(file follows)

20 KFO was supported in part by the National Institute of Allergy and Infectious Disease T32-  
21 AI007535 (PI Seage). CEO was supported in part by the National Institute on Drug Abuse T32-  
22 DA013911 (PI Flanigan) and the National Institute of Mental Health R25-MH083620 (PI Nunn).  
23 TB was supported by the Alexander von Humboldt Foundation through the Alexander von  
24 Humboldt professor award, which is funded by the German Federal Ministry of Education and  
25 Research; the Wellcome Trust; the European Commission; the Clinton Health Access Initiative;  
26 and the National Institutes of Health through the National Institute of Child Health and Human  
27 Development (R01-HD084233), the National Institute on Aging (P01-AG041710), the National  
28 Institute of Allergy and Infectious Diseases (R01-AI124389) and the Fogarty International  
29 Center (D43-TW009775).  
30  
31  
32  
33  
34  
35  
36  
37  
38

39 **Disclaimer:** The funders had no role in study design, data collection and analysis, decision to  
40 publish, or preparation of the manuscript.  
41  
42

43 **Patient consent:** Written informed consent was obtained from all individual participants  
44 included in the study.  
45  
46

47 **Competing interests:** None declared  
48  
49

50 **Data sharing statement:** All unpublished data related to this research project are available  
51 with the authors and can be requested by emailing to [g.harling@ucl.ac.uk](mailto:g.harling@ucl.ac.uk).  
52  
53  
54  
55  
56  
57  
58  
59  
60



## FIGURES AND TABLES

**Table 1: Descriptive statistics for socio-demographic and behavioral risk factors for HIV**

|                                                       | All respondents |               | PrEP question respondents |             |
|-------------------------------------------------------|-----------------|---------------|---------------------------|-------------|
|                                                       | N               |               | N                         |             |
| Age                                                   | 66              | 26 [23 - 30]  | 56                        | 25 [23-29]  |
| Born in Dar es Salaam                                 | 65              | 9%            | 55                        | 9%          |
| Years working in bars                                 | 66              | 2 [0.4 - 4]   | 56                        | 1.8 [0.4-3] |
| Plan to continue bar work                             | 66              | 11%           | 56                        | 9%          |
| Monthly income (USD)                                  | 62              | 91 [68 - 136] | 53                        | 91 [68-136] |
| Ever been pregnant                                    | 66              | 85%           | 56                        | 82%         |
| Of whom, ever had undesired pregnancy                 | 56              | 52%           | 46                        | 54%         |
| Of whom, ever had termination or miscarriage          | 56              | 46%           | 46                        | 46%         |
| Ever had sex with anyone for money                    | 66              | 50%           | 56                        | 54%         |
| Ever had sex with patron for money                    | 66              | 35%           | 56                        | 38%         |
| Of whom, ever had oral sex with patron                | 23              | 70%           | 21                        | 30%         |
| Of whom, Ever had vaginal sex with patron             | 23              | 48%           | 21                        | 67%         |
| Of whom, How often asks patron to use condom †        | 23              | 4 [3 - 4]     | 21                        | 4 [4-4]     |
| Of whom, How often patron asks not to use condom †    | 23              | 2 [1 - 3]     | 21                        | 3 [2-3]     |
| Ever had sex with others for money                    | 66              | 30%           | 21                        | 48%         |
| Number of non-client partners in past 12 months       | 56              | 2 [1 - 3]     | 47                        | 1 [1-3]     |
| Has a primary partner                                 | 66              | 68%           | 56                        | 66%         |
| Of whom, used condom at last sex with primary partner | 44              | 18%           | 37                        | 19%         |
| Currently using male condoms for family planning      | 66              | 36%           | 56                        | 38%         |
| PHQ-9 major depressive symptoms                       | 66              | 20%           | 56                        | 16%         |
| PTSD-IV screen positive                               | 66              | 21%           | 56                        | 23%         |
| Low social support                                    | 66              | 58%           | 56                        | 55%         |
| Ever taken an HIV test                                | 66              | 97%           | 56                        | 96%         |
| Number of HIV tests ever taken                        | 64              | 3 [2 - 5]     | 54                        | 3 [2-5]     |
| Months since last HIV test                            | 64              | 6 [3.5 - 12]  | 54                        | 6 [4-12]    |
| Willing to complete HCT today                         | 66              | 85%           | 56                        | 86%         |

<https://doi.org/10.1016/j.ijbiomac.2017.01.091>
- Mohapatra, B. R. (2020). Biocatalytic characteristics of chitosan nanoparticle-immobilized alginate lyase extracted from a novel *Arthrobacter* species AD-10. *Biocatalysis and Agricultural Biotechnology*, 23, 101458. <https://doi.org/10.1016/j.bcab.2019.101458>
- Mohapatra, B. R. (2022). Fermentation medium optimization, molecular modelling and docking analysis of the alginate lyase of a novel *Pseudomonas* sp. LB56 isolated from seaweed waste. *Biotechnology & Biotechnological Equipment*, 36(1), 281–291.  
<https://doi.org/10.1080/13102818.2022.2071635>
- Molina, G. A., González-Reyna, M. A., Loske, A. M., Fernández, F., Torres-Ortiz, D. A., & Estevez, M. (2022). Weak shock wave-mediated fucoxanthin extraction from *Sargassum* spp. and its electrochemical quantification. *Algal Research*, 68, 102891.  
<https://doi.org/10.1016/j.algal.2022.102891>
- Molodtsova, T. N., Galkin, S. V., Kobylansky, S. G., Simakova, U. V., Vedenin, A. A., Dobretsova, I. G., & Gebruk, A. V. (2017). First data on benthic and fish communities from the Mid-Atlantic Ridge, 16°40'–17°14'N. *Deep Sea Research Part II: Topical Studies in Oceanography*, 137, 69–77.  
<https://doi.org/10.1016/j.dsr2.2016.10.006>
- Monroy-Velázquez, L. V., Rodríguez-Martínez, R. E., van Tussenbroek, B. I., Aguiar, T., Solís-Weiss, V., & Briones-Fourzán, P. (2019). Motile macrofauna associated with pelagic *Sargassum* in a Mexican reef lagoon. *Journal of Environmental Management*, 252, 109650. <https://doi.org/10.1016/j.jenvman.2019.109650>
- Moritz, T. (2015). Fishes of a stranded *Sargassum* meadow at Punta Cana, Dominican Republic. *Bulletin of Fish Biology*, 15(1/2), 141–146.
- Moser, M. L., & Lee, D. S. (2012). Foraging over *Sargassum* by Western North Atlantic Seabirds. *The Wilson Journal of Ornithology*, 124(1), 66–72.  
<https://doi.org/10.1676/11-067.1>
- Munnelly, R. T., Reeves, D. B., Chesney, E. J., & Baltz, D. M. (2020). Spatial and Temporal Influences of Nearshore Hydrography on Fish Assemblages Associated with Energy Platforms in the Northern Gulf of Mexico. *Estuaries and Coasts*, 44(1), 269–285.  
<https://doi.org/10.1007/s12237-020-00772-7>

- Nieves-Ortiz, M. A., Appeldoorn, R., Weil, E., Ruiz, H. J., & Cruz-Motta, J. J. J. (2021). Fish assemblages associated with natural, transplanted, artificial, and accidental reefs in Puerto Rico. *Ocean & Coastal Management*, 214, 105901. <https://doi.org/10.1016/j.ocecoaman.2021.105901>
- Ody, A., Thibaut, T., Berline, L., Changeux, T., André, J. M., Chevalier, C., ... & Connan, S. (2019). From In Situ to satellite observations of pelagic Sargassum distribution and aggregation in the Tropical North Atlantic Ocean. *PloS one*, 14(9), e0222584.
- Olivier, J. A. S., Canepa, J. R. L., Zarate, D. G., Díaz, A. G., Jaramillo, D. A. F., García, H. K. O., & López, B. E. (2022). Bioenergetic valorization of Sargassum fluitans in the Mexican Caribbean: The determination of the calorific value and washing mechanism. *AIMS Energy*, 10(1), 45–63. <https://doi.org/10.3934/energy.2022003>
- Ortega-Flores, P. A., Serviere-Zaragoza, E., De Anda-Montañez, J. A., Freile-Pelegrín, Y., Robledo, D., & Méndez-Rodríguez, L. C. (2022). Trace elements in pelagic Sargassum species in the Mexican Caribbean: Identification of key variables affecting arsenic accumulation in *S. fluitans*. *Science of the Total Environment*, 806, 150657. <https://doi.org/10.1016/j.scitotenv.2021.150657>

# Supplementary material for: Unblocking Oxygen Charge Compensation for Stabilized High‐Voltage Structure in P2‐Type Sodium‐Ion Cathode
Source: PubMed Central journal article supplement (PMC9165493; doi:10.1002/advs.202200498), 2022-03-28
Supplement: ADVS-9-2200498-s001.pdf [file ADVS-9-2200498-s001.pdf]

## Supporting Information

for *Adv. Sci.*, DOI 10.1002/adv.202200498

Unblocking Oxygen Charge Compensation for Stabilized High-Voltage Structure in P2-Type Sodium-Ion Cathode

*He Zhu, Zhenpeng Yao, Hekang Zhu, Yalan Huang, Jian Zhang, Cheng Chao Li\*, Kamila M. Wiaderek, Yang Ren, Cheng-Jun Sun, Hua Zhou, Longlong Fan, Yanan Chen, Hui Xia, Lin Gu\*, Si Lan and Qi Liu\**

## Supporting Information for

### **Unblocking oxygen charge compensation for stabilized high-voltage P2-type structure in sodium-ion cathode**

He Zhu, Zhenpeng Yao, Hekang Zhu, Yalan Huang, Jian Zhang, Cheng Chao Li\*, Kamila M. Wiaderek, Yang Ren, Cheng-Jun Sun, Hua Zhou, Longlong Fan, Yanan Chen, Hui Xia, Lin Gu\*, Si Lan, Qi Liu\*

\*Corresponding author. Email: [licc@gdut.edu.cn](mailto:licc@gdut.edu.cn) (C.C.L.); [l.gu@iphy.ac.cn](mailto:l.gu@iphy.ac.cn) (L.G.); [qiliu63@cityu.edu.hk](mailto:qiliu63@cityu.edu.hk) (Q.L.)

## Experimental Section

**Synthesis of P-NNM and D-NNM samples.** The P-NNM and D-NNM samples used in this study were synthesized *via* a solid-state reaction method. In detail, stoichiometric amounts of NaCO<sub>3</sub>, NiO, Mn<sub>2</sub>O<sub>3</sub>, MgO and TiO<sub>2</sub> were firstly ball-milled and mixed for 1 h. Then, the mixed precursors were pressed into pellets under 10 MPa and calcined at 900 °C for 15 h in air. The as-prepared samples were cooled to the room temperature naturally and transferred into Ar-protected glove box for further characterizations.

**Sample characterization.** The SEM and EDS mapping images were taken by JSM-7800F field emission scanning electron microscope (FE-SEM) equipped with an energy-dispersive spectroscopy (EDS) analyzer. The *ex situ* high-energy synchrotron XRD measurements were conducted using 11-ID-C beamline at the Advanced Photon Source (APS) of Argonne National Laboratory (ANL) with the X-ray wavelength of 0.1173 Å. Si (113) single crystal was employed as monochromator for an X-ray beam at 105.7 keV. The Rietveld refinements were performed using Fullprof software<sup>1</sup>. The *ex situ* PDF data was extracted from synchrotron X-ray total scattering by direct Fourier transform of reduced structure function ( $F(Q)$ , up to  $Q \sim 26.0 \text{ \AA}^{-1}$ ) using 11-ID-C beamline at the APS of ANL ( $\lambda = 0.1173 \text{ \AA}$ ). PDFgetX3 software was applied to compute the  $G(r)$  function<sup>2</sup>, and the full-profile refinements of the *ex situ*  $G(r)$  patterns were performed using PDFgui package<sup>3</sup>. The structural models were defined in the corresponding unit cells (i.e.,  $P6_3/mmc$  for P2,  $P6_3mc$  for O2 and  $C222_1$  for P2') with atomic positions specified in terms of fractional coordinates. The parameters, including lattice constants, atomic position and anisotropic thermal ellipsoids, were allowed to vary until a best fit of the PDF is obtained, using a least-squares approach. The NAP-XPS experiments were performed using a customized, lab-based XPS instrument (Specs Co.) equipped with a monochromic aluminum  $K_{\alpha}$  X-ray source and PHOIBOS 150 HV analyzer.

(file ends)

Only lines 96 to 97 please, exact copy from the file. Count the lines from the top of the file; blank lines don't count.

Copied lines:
Unblocking Oxygen Charge Compensation for Stabilized High-Voltage Structure in P2-Type Sodium-Ion Cathode

*He Zhu, Zhenpeng Yao, Hekang Zhu, Yalan Huang, Jian Zhang, Cheng Chao Li\*, Kamila M. Wiaderek, Yang Ren, Cheng-Jun Sun, Hua Zhou, Longlong Fan, Yanan Chen, Hui Xia, Lin Gu\*, Si Lan and Qi Liu\**